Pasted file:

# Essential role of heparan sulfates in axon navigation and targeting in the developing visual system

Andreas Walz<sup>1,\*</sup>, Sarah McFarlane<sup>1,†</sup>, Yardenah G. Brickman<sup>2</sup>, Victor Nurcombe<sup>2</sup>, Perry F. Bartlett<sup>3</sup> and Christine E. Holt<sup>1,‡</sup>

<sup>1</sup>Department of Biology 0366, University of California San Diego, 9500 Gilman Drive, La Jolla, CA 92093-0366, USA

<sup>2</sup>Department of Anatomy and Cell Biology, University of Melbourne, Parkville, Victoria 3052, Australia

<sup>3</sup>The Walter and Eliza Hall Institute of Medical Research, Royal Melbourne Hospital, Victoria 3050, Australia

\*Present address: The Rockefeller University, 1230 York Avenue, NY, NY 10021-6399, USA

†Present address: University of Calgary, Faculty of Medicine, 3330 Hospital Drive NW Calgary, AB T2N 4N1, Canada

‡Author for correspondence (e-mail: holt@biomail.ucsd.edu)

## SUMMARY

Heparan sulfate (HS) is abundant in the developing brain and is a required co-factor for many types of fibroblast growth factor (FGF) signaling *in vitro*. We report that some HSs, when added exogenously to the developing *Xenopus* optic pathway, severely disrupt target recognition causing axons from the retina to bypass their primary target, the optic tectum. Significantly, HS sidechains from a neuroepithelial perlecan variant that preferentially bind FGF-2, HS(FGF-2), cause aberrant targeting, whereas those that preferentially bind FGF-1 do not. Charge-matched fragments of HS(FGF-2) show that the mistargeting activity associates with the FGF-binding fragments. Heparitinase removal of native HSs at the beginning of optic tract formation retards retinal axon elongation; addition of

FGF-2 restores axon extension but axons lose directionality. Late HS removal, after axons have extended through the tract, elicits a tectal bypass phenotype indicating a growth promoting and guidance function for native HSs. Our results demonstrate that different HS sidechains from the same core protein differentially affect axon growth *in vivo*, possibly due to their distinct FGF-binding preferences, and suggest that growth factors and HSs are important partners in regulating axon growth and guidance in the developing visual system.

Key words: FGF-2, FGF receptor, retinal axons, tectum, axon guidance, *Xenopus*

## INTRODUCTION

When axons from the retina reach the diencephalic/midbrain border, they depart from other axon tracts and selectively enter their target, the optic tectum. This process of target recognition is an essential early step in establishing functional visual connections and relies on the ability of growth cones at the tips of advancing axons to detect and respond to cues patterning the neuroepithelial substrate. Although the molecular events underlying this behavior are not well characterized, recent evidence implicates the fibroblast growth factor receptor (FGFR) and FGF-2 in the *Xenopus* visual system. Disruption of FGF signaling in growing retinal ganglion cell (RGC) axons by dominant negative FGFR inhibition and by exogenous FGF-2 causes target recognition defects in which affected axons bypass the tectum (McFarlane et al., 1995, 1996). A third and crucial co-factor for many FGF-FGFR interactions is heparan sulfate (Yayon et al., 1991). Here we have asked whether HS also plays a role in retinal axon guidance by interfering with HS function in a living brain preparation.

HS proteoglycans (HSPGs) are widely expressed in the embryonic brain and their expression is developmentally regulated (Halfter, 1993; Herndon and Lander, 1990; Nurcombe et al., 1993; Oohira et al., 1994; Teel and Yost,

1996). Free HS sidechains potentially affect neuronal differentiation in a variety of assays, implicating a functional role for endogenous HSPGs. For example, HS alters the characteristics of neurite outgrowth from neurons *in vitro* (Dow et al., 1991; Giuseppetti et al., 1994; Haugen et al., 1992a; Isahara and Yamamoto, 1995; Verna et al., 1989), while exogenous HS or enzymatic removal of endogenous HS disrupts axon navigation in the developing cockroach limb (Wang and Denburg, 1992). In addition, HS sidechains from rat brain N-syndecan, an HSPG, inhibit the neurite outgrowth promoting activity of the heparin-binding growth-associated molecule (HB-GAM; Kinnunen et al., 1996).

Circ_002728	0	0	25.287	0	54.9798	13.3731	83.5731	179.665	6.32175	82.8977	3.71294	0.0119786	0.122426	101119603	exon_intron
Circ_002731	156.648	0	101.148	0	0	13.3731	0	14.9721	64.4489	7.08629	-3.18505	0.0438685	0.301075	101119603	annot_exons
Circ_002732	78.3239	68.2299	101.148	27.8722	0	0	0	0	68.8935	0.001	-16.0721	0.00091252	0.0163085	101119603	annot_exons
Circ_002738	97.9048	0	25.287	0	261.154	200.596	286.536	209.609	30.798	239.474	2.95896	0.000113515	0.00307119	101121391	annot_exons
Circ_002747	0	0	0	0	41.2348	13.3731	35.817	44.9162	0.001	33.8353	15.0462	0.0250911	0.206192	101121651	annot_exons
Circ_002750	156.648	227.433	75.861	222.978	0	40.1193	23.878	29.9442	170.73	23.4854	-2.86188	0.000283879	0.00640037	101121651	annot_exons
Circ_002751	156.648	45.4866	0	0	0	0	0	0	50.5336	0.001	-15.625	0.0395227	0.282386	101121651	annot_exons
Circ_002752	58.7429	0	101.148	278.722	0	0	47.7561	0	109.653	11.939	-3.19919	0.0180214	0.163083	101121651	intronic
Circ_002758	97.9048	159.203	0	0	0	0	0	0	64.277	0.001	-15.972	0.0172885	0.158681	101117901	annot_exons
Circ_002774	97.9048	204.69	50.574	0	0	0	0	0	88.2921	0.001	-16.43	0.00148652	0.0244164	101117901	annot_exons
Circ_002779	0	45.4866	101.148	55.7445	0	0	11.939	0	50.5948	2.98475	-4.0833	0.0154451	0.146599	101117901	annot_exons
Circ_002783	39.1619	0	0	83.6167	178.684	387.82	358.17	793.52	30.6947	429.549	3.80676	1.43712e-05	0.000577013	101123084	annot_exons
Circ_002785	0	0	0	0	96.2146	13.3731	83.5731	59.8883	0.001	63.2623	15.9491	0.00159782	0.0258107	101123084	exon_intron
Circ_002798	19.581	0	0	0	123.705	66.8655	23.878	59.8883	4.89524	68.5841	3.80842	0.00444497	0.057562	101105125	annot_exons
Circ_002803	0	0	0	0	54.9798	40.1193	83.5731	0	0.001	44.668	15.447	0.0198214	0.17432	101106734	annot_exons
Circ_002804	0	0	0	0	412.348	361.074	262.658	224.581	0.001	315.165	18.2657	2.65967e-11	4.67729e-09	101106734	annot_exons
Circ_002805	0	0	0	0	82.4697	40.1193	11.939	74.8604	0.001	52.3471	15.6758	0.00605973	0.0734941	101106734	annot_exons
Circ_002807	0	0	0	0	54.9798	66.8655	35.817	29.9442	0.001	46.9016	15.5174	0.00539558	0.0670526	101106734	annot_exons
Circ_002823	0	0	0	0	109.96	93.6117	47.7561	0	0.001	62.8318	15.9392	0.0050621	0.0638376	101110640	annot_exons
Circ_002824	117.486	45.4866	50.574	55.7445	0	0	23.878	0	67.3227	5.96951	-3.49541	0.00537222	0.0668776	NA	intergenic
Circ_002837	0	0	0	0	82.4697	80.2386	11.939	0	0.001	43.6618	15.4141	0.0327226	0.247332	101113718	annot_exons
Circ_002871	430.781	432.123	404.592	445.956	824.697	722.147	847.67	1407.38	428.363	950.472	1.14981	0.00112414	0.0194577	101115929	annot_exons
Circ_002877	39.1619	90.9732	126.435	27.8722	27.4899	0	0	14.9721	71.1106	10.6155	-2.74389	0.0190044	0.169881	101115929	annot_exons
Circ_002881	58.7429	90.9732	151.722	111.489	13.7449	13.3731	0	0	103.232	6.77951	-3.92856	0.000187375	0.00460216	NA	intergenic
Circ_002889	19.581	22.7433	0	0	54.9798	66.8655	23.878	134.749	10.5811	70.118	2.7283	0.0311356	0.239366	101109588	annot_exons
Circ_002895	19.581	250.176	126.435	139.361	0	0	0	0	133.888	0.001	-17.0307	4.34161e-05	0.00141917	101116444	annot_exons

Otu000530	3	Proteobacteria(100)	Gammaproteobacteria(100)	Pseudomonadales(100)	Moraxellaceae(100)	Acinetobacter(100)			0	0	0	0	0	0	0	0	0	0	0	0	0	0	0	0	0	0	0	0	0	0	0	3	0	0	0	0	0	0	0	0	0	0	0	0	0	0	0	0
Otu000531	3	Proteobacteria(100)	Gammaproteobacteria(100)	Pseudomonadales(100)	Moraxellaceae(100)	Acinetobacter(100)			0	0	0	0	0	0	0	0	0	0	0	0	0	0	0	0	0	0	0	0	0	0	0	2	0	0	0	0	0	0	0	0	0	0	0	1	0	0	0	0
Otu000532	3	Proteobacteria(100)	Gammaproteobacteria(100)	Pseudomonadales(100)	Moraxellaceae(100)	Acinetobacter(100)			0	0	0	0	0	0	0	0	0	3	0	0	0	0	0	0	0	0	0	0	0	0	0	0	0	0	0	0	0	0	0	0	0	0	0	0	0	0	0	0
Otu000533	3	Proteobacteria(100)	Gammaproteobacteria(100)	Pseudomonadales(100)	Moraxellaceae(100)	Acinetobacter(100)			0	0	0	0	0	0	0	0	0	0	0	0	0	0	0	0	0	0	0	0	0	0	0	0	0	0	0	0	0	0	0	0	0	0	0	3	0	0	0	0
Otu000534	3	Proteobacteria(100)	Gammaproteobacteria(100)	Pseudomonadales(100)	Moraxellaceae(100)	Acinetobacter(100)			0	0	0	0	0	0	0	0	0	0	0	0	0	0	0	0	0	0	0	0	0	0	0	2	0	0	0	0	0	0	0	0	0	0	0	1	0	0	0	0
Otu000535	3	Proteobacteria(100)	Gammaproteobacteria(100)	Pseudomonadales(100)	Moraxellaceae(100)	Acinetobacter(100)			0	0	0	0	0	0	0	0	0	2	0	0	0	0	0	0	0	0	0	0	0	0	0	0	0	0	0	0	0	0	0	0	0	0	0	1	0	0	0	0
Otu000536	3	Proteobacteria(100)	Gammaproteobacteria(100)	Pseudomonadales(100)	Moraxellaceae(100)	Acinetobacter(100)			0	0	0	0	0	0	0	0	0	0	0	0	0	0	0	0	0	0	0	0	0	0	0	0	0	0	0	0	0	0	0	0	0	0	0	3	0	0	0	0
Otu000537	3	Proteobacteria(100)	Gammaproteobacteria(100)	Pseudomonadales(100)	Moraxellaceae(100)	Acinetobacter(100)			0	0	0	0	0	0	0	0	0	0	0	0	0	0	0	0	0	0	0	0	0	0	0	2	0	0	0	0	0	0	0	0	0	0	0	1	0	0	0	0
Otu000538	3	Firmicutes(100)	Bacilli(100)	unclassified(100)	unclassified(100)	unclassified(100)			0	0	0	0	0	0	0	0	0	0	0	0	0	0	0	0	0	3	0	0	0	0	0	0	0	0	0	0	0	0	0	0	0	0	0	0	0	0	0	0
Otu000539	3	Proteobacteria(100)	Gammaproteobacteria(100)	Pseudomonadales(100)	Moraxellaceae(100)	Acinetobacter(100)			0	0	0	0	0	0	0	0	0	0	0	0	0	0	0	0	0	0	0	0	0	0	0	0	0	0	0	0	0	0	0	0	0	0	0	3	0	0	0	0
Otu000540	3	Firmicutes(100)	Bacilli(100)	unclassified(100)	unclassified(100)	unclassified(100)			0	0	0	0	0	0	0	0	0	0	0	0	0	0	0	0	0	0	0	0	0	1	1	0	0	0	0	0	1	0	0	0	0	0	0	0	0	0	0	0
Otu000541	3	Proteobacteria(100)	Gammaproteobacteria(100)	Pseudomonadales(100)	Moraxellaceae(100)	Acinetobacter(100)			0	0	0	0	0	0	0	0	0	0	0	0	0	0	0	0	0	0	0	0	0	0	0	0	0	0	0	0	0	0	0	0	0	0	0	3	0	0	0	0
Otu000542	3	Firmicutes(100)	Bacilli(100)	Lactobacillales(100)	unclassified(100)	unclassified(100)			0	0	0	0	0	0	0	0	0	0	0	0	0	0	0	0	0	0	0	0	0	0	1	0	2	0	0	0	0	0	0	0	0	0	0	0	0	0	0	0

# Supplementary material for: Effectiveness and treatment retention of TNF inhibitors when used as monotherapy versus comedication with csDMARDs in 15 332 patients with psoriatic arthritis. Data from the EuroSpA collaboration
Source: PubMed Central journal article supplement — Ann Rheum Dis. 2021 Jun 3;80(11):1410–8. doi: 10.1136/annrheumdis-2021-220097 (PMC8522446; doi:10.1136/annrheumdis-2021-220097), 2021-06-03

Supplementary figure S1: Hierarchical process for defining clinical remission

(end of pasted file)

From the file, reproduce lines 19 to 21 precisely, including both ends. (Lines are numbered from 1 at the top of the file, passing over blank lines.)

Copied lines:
Circ_002732	78.3239	68.2299	101.148	27.8722	0	0	0	0	68.8935	0.001	-16.0721	0.00091252	0.0163085	101119603	annot_exons
Circ_002738	97.9048	0	25.287	0	261.154	200.596	286.536	209.609	30.798	239.474	2.95896	0.000113515	0.00307119	101121391	annot_exons
Circ_002747	0	0	0	0	41.2348	13.3731	35.817	44.9162	0.001	33.8353	15.0462	0.0250911	0.206192	101121651	annot_exons